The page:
Government, banking, adult dating and pornography sites are the high profile global cyber attack targets over the last month. In this month’s edition of CyberSec News, we are going to give you the details you need to know about these incidents.
Imagine a migratory group of blackbirds, innumerable, that seems to take to the air in one collective breath, or settle, in unison, in a field or on a tree-line. Or a pile of leaves, picked up and thrown into the water, each traveling away on its own current.
It’s no secret that law firms hold a massive amount of confidential client data. And with the dramatic growth and usage of cloud computing, the need to secure the transmission and sharing of this data is becoming more important than ever.
If you're in retail, ecommerce, finance, insurance, or sales (and the list goes on), you're probably using big data —or you're envious of companies that do. Big data is largely what it sounds like—the process of generating reams of data from customers and clients, and crunching those numbers to uncover hidden trends. Big data is growing at 12.8% per year, and 40% of analytics firms have capitalized on big data already.
According to a new survey, 34 percent of companies say that up to half of their employees routinely share data with third party organizations, including vendors, partners, customers, and contractors. This has become a dominant trend in the world of businesses, which race towards outsourcing. Non-core functions such as accounting, payroll, manufacturing, and even IT security have all been sloughed off.
All companies have a responsibility to secure client documents, but the legal professional has an extended ethical obligation. Your legal professional has some of your most personal and business information and they must be diligent with security and securing legal documents.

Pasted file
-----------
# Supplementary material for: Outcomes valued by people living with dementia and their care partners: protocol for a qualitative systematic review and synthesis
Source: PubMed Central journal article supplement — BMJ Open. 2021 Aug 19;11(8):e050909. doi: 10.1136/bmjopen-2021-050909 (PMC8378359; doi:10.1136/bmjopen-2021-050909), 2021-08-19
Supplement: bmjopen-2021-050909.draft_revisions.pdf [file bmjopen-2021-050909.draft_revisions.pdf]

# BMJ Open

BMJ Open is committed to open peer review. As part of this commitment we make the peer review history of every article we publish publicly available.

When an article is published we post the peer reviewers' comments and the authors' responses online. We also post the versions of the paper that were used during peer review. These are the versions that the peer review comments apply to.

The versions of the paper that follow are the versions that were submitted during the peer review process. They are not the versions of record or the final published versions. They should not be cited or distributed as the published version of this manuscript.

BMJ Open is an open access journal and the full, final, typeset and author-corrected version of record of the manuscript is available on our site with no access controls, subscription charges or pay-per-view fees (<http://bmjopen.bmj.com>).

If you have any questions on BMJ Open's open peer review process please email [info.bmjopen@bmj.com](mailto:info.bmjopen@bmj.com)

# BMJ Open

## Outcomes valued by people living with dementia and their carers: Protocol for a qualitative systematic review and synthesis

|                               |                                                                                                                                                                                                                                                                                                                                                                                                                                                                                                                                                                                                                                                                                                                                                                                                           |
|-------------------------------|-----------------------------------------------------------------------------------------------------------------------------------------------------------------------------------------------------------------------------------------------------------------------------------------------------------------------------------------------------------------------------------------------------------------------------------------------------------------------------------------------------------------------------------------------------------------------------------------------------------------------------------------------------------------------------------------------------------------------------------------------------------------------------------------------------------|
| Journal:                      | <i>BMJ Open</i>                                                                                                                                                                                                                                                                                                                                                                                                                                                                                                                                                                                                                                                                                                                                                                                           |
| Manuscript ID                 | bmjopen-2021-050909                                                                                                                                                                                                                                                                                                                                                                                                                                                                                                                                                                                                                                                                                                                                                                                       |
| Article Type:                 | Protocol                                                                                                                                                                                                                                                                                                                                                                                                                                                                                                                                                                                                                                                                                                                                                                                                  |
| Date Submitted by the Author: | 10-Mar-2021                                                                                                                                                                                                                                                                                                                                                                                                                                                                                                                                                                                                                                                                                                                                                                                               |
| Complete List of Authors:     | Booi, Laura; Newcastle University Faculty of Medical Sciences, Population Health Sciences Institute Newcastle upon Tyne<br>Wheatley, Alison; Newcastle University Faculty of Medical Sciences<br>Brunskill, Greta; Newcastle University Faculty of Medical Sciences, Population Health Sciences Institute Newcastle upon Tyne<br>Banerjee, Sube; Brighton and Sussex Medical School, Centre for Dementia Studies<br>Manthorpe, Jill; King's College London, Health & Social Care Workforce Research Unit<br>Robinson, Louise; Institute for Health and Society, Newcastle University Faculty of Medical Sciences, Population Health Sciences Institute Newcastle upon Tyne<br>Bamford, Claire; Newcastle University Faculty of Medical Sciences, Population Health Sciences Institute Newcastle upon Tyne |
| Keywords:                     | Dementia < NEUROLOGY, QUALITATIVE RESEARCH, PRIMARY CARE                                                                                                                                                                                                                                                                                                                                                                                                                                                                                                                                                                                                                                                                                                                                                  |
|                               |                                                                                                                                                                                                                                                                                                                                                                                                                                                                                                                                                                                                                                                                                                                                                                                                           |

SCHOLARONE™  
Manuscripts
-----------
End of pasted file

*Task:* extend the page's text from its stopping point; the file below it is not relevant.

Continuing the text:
The year 2016 has not been kind to people who worry about cyber attacks. In addition to penetrating the campaigns of both major presidential candidates, attackers tentatively linked to Russia have compromised the state board of elections in two states, stealing two hundred thousand voter records.
Diverse cyber attacks and motivations continue across the world. In this month's edition of CyberSec News, we will review some of the high profile cyber attacks over the past month and their potential impacts.
Essentially breaking portions of the internet, a massive Distributed Denial of Service (DDoS) cyber attack brought down many high profile company websites such as Twitter, Amazon and PayPal just to name a few, last Friday. Thus, preventing millions of customers from accessing these websites for goods and services for a period of time.